Each problem solving student chooses his own curriculum – by focusing on one ancestor, ancestral couple, or particular genealogical question.

Choose a problem that is of personal interest and is not under constraints imposed by others. Research being done for hire or for possible submission for CG or AG should not be used, because of time/research constraints imposed by client or submission requirements of being only own work.

The Problem Solving course takes place in 3 parts: designing, working, and sharing.

Designing:  after registering and before Oct 30, each student submits a Problem Solving Project, with the following elements: a short 1 page summary of the Problem,  pertinent research logs, family groups, pedigree, maps, time line, and five page report about the research problem being submitted.

Working:  During SLIG, daily meetings held with assigned group reporting on progress of extensive research, analysis and evaluation of own project.

Sharing: After SLIG: each student completes a new written summary of their research project, discussing sources used, new findings or lack of findings, conclusions and what to consider next in future research. 

IF at the end of SLIG week, the group consensus is that research possibilities have been exhausted for the problem, leaving no further avenues to pursue, the student is encouraged to put the project “on the shelf” – writing a final evaluation report which states final conclusions with supporting evidence, and details research steps, sources and analysis. The summary should be shared with those interested including fellow PS Group members and consultants.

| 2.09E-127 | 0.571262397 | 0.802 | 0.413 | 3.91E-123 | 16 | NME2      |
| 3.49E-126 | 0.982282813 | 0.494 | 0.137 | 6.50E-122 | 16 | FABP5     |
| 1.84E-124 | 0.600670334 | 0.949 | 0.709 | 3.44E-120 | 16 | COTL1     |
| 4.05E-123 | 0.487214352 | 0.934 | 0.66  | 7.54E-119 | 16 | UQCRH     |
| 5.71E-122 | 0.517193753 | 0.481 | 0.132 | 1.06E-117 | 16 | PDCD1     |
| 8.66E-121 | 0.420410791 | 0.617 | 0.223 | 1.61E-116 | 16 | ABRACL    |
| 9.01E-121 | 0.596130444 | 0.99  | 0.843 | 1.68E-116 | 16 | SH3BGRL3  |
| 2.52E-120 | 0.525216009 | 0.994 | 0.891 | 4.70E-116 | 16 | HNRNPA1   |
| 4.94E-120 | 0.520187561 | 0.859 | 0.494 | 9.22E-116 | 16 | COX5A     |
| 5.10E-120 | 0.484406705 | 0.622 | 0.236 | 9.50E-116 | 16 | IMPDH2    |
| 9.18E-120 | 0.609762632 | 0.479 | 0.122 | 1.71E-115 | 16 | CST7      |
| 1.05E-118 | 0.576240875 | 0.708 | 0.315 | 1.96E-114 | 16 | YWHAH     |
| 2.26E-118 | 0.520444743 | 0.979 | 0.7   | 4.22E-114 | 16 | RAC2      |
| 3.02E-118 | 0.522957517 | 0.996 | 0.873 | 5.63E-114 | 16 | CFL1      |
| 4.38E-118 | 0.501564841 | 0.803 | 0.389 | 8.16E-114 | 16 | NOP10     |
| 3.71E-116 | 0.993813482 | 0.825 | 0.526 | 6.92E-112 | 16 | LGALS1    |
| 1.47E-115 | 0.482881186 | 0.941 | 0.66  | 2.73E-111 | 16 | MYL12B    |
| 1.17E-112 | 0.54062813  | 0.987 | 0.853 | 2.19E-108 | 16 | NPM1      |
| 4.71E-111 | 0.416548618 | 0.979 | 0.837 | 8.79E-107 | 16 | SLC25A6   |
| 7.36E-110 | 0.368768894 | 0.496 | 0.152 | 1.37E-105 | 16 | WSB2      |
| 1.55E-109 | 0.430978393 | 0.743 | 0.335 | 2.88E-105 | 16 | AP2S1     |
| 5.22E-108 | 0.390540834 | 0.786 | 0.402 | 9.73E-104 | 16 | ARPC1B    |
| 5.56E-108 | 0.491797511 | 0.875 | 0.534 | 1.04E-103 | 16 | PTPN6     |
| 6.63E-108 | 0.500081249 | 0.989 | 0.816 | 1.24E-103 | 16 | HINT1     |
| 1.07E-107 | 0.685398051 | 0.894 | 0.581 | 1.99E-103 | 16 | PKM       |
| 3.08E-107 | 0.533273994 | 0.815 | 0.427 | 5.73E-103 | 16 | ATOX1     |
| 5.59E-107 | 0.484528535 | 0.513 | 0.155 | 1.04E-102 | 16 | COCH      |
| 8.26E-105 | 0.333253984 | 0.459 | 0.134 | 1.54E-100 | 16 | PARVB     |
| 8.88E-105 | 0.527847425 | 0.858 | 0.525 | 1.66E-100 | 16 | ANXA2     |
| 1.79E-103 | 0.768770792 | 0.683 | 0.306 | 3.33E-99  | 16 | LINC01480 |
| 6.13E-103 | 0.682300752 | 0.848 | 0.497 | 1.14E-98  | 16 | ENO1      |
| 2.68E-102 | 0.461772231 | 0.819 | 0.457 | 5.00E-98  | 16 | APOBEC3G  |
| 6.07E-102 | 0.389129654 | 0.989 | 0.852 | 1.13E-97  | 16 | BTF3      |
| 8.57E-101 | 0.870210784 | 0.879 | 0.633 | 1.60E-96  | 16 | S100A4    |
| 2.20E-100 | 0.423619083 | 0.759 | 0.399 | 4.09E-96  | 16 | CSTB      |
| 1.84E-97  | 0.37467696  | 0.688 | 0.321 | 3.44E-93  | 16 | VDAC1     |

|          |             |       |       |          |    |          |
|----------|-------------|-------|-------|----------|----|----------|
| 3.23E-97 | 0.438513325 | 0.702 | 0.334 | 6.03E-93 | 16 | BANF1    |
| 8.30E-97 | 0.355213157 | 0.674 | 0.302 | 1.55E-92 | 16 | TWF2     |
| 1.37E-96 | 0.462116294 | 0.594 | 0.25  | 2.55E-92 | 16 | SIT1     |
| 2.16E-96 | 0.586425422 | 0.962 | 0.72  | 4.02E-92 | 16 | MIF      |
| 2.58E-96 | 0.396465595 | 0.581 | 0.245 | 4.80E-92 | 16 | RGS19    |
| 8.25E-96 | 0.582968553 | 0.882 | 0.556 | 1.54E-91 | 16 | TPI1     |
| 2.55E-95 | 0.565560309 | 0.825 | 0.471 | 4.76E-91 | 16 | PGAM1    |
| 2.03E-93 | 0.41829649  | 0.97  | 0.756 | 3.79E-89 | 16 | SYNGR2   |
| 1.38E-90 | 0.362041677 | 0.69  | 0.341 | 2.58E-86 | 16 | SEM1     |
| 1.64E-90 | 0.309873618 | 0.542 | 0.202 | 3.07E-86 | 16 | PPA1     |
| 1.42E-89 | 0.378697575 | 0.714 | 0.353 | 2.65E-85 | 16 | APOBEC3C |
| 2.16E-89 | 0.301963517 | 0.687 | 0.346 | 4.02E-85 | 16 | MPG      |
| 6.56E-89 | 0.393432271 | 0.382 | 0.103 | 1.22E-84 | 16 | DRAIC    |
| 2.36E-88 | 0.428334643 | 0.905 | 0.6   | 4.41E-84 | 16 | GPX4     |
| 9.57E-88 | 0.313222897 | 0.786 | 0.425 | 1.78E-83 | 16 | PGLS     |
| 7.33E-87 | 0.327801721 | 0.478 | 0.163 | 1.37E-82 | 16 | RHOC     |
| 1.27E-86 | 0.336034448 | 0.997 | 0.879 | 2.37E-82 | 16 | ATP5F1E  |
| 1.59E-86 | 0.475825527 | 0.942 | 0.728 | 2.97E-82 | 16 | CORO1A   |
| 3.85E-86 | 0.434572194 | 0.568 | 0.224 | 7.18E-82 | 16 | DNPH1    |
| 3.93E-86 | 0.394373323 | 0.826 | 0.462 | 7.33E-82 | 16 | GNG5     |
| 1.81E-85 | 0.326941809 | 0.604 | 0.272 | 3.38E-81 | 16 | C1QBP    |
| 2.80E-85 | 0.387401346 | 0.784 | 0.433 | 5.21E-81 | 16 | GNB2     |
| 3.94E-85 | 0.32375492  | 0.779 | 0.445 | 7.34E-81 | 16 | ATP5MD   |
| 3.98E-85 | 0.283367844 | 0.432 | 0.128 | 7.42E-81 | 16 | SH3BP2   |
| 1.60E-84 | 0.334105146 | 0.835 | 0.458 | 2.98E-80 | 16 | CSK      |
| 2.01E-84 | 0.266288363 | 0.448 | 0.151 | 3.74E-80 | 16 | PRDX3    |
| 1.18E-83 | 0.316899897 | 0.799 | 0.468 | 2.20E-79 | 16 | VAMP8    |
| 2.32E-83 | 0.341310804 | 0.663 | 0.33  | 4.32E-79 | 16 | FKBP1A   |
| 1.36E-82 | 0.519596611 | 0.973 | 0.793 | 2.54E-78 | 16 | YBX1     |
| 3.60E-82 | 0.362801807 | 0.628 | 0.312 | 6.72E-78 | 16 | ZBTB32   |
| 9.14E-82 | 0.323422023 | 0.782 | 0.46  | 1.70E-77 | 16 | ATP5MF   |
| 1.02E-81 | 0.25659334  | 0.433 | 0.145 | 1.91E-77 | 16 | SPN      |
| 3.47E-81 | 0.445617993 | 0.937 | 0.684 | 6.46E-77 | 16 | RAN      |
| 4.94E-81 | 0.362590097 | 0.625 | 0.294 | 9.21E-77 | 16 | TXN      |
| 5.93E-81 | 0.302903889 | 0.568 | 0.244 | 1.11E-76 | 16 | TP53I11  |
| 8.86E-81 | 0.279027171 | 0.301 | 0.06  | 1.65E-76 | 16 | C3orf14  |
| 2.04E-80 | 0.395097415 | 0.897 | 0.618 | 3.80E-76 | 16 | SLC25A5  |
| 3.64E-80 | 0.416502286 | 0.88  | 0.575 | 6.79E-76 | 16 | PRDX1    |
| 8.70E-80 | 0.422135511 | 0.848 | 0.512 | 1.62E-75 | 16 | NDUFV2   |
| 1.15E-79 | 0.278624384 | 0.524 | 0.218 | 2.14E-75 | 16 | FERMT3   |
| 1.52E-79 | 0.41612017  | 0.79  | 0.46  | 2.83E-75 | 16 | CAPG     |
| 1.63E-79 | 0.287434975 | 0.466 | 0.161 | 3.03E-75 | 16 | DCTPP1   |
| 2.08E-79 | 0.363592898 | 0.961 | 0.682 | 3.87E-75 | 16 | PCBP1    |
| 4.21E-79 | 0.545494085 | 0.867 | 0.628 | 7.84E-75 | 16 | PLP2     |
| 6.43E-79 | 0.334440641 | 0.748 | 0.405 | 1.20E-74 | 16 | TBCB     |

Why would you recommend a student attend SLIG in general?

They are able to focus on genealogy and genealogical endeavors for a week away from family, work, and other distractions. They gain skills and understanding they can use personally and professionally and will make new friends who share a passion for genealogy and could provide a network when assistance may be needed outside their local area. Above all, SLIG can be a week of fun, while enhancing skills.

Any parting thoughts or advice?

Genealogy and family history is both fun and addictive. The more you learn about research techniques and analysis strategies the more successful you will be. The more you learn about ancestors and their lives and how they faced their problems the more you learn about yourself. Embrace all on your family and learn from each. Enjoy their successes and sorrow for their disappointments and failures.